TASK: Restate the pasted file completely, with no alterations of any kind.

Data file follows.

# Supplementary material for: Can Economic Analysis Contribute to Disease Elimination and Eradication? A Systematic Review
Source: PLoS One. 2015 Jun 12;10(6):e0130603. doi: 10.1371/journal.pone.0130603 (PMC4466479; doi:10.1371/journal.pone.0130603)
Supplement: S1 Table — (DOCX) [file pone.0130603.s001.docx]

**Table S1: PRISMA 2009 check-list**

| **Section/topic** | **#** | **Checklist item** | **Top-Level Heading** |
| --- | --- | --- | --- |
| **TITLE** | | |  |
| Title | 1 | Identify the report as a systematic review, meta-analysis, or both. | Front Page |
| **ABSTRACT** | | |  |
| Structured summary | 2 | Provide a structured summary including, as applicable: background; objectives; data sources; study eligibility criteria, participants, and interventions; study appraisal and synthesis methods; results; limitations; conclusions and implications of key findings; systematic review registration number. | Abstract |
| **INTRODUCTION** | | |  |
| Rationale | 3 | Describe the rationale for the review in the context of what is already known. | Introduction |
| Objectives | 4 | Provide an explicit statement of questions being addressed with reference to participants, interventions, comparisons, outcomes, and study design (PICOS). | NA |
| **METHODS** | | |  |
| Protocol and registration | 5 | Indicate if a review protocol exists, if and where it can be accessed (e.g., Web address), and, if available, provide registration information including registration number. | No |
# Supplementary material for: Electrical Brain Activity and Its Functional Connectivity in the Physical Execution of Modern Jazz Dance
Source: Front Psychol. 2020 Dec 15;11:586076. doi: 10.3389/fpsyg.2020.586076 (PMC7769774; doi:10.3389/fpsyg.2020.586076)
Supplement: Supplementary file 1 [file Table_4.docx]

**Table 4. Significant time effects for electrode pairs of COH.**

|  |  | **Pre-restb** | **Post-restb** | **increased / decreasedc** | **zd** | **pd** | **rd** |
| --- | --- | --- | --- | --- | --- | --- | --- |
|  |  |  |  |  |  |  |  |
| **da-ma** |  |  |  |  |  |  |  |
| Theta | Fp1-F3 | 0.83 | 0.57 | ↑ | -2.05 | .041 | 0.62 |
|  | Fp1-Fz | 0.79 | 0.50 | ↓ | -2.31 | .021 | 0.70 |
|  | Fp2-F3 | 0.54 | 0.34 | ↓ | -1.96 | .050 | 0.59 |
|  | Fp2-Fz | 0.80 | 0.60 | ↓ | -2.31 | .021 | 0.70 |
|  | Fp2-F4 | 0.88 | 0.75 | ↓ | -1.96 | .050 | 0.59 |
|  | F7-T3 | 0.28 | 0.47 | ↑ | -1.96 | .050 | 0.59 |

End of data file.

# Supplementary material for: Can Economic Analysis Contribute to Disease Elimination and Eradication? A Systematic Review
Source: PLoS One. 2015 Jun 12;10(6):e0130603. doi: 10.1371/journal.pone.0130603 (PMC4466479; doi:10.1371/journal.pone.0130603)
Supplement: S1 Table — (DOCX) [file pone.0130603.s001.docx]

**Table S1: PRISMA 2009 check-list**

| **Section/topic** | **#** | **Checklist item** | **Top-Level Heading** |
| --- | --- | --- | --- |
| **TITLE** | | |  |
| Title | 1 | Identify the report as a systematic review, meta-analysis, or both. | Front Page |
| **ABSTRACT** | | |  |
| Structured summary | 2 | Provide a structured summary including, as applicable: background; objectives; data sources; study eligibility criteria, participants, and interventions; study appraisal and synthesis methods; results; limitations; conclusions and implications of key findings; systematic review registration number. | Abstract |
| **INTRODUCTION** | | |  |
| Rationale | 3 | Describe the rationale for the review in the context of what is already known. | Introduction |
| Objectives | 4 | Provide an explicit statement of questions being addressed with reference to participants, interventions, comparisons, outcomes, and study design (PICOS). | NA |
| **METHODS** | | |  |
| Protocol and registration | 5 | Indicate if a review protocol exists, if and where it can be accessed (e.g., Web address), and, if available, provide registration information including registration number. | No |
# Supplementary material for: Electrical Brain Activity and Its Functional Connectivity in the Physical Execution of Modern Jazz Dance
Source: Front Psychol. 2020 Dec 15;11:586076. doi: 10.3389/fpsyg.2020.586076 (PMC7769774; doi:10.3389/fpsyg.2020.586076)
Supplement: Supplementary file 1 [file Table_4.docx]

**Table 4. Significant time effects for electrode pairs of COH.**

|  |  | **Pre-restb** | **Post-restb** | **increased / decreasedc** | **zd** | **pd** | **rd** |
| --- | --- | --- | --- | --- | --- | --- | --- |
|  |  |  |  |  |  |  |  |
| **da-ma** |  |  |  |  |  |  |  |
| Theta | Fp1-F3 | 0.83 | 0.57 | ↑ | -2.05 | .041 | 0.62 |
|  | Fp1-Fz | 0.79 | 0.50 | ↓ | -2.31 | .021 | 0.70 |
|  | Fp2-F3 | 0.54 | 0.34 | ↓ | -1.96 | .050 | 0.59 |
|  | Fp2-Fz | 0.80 | 0.60 | ↓ | -2.31 | .021 | 0.70 |
|  | Fp2-F4 | 0.88 | 0.75 | ↓ | -1.96 | .050 | 0.59 |
|  | F7-T3 | 0.28 | 0.47 | ↑ | -1.96 | .050 | 0.59 |